Lamina 2 - Lamina Flow Hot Air Engine


Here is the video commentary:

This is the 2nd lamina flow engine I want to show you. I'll call this engine Lamina 2 and the first Lamina flow engine I showed in previous videos I'll call Lamina 1. This is pretty much the same design as Lamina 1 with a few modifications. The piece of white tape on the flywheel is reflective tape for finding the rpms of the flywheel. And that red thing on the shaft of the flywheel is a broken LED light I'm using as a cotter pin to keep the flywheel from sliding out of it's bearings.

I added a small piece of brass tubing that fits tightly around the Pyrex test tube. This seems to improve the start up time and causes the engine to run a little faster over all. Brass is a pretty good conductor of heat so it's probably distributing the heat from the candle more evenly around the pyrex test tube. Pyrex, or Borosilicate Glass, is a poor thermal conductor. The flywheel on this engine is a lot heavier than the one on Lamina 1. Lamina 1's flywheel is 124 grams and this one weighs 212 grams. The piston in this engine is made of graphite and has a diameter of 5/8ths of an inch. The stroke of the piston is currently set at 9/16ths.

There it is topping out at 850 rpms. 850 is the fastest I've seen this engine go so far. From here it'll slowly work it's way down to 6 or 7 hundred rpm's and stay in that general speed range. I added a neodymium (rare earth) magnet to the flywheel to counter balance the weight of the graphite piston. I'm not sure how much this has improved the performance of the engine if it has at all. The magnet is held in place by it's own magnetic pull on the steel flywheel. Neodymium magnets are very strong and I haven't noticed any movement of the magnet (while using a candle for heat) . Another modification of this engine over the Lamina 1 engine is this adjustable crank shaft. This allows the stroke or distance the graphite piston travels to be adjusted from 1/4 inch (6 mm) to about 1 5/8ths of an inch (41 mm)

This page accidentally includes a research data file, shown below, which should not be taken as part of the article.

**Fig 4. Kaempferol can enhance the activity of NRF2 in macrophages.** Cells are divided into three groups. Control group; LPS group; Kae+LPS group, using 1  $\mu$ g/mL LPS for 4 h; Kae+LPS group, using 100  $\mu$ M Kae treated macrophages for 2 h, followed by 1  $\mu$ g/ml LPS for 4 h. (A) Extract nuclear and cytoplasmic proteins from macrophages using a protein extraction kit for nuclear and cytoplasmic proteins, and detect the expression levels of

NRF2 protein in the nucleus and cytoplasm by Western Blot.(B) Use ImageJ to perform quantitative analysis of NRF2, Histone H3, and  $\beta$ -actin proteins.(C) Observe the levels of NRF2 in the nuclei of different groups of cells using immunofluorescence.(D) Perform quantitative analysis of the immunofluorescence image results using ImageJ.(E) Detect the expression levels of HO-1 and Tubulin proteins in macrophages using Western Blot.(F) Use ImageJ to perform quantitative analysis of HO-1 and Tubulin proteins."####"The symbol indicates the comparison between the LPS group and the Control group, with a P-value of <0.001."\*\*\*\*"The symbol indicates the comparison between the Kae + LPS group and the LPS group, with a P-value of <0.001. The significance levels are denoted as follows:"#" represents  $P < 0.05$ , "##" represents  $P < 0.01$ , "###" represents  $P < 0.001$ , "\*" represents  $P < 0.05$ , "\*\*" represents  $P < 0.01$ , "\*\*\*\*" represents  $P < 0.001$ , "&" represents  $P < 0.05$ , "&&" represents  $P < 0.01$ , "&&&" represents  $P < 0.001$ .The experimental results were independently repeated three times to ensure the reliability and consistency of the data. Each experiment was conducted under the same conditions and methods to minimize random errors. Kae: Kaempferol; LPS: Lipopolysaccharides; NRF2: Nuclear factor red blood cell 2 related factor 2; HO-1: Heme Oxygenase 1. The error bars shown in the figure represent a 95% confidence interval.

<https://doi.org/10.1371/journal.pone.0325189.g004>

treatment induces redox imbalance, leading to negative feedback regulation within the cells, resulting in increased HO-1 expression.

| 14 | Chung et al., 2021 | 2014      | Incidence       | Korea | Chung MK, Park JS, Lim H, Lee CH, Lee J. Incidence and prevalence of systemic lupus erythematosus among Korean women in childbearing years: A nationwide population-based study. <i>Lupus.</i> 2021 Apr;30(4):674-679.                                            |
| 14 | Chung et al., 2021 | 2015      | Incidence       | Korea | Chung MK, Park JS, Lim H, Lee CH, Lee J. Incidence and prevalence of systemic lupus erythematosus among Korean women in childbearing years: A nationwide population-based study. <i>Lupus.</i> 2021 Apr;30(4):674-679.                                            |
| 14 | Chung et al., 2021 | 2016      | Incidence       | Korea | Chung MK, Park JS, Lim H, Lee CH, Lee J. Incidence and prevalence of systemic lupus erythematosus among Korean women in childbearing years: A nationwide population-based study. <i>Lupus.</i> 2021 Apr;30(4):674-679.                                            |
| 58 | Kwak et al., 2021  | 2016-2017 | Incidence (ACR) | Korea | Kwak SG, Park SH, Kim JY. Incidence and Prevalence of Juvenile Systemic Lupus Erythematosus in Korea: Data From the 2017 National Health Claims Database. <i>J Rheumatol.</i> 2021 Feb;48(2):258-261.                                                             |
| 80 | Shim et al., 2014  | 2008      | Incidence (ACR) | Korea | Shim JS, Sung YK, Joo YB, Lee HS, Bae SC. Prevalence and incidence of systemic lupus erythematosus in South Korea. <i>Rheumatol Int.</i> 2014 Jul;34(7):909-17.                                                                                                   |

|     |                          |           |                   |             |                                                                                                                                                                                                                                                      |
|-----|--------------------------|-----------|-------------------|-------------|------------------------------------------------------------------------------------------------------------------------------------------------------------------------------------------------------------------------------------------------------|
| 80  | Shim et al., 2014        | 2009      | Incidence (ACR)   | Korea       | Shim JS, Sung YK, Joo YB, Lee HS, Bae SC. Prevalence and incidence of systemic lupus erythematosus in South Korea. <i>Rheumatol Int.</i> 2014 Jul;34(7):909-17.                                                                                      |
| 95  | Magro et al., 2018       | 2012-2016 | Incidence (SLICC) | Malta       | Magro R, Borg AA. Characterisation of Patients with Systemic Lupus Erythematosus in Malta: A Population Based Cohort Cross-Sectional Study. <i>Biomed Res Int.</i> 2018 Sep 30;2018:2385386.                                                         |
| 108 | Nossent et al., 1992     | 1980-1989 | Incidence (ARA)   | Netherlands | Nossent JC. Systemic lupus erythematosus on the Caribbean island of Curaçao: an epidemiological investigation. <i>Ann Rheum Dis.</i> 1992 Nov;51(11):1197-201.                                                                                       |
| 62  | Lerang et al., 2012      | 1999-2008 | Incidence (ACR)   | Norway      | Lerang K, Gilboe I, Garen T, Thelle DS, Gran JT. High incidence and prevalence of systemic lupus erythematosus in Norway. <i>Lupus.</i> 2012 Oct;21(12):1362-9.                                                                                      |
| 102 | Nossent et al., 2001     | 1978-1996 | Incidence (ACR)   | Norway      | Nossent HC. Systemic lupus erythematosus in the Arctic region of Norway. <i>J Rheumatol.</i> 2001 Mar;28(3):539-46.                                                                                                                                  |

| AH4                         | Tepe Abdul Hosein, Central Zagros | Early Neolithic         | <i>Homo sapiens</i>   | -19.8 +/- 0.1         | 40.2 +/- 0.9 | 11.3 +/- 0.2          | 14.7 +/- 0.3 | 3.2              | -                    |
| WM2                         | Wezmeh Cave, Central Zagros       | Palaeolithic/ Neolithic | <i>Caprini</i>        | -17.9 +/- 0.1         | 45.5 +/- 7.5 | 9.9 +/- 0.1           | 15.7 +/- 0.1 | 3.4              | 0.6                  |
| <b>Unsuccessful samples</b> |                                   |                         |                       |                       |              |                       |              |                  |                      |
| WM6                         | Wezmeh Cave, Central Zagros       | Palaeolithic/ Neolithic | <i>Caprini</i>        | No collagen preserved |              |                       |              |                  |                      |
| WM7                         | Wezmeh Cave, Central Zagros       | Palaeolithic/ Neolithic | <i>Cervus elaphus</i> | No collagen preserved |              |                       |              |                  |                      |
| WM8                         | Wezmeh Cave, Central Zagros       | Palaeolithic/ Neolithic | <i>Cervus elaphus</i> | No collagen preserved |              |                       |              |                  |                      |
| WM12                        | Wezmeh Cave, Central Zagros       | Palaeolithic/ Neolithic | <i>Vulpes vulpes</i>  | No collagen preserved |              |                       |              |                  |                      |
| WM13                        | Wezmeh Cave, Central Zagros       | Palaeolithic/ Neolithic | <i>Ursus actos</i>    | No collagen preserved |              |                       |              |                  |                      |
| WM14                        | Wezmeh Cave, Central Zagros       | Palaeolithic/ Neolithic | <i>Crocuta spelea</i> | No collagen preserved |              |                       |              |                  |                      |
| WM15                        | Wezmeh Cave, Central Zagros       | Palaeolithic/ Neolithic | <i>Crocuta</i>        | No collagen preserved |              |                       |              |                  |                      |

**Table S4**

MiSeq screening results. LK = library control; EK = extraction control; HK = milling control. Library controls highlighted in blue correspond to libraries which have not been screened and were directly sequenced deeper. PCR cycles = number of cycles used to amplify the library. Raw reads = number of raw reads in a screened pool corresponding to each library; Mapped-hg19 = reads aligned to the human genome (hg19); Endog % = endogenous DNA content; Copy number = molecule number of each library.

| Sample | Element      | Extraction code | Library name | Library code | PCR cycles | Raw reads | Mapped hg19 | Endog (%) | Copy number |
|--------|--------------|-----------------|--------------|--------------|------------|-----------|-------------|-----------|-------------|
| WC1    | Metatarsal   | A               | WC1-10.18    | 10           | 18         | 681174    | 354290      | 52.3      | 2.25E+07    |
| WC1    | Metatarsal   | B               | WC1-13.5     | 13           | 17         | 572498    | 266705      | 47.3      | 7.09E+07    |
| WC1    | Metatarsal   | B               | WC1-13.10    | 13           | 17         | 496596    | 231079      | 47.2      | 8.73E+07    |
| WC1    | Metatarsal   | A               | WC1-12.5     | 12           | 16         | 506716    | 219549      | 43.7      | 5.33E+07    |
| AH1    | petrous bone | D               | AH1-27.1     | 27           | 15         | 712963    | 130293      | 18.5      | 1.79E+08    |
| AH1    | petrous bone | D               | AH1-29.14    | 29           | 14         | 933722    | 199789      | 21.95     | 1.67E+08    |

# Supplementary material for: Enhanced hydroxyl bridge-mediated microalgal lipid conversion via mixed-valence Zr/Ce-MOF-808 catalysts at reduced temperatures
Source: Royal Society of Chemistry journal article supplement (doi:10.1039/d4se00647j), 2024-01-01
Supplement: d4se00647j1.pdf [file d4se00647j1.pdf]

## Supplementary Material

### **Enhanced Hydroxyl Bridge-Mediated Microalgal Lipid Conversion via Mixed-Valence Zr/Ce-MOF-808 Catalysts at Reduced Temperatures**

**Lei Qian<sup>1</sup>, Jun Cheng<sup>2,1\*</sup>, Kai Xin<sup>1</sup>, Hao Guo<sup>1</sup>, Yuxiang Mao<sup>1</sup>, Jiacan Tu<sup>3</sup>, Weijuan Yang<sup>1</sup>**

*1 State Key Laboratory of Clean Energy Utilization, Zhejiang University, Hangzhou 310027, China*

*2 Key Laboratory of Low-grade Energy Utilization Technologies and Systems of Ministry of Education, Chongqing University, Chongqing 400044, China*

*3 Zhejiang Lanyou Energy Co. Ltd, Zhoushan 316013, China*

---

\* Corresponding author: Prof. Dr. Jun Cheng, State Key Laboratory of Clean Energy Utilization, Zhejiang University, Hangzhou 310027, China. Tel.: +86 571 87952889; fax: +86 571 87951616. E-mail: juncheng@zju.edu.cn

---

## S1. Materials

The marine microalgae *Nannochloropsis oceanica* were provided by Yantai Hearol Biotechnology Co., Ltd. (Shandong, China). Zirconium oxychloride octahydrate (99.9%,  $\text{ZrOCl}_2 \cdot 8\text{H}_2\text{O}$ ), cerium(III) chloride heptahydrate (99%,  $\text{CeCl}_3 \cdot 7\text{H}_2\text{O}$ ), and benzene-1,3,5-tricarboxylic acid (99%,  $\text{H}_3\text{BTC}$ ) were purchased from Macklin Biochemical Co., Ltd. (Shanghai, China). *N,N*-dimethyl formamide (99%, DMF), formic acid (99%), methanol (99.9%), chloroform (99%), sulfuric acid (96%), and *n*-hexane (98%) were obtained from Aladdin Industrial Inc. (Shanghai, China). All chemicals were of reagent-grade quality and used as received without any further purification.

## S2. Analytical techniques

Here I am using a propane torch for the heat source. I wanted to see how fast the engine would go while running with propane. The engine makes it to over 1700 rpms and then the neodymium magnet flys off. I was a bit surprised when it happened. I have used neodymium magnets as counter weights before and used propane for heat but I've never had a magnet fly off until I recorded this video. Previous engines I have made did not run as fast but I also sanded the surface of this flywheel to a really smooth finish. Either way I don't recommend using propane to power this engine since it can melt the pyrex test tube and the potential for danger is all-around greater. A counter weight is not necessary for this engine to run but it's probably more efficient.

The stroke of the engine, for this run, is set to 1 inch. I adjust it from time to time to try to find the best setting. The magnet flys off at 1723 rpms, if you listen closely you can hear it. I tried for another minute or so to top 1723 but it never happened. Ok that's all for this video, I'll upload another video with all the dimensions of all the individual parts so check that out if you would like to try building one of these for yourself.

Click here for this Lamina Flow Stirling engine's plans.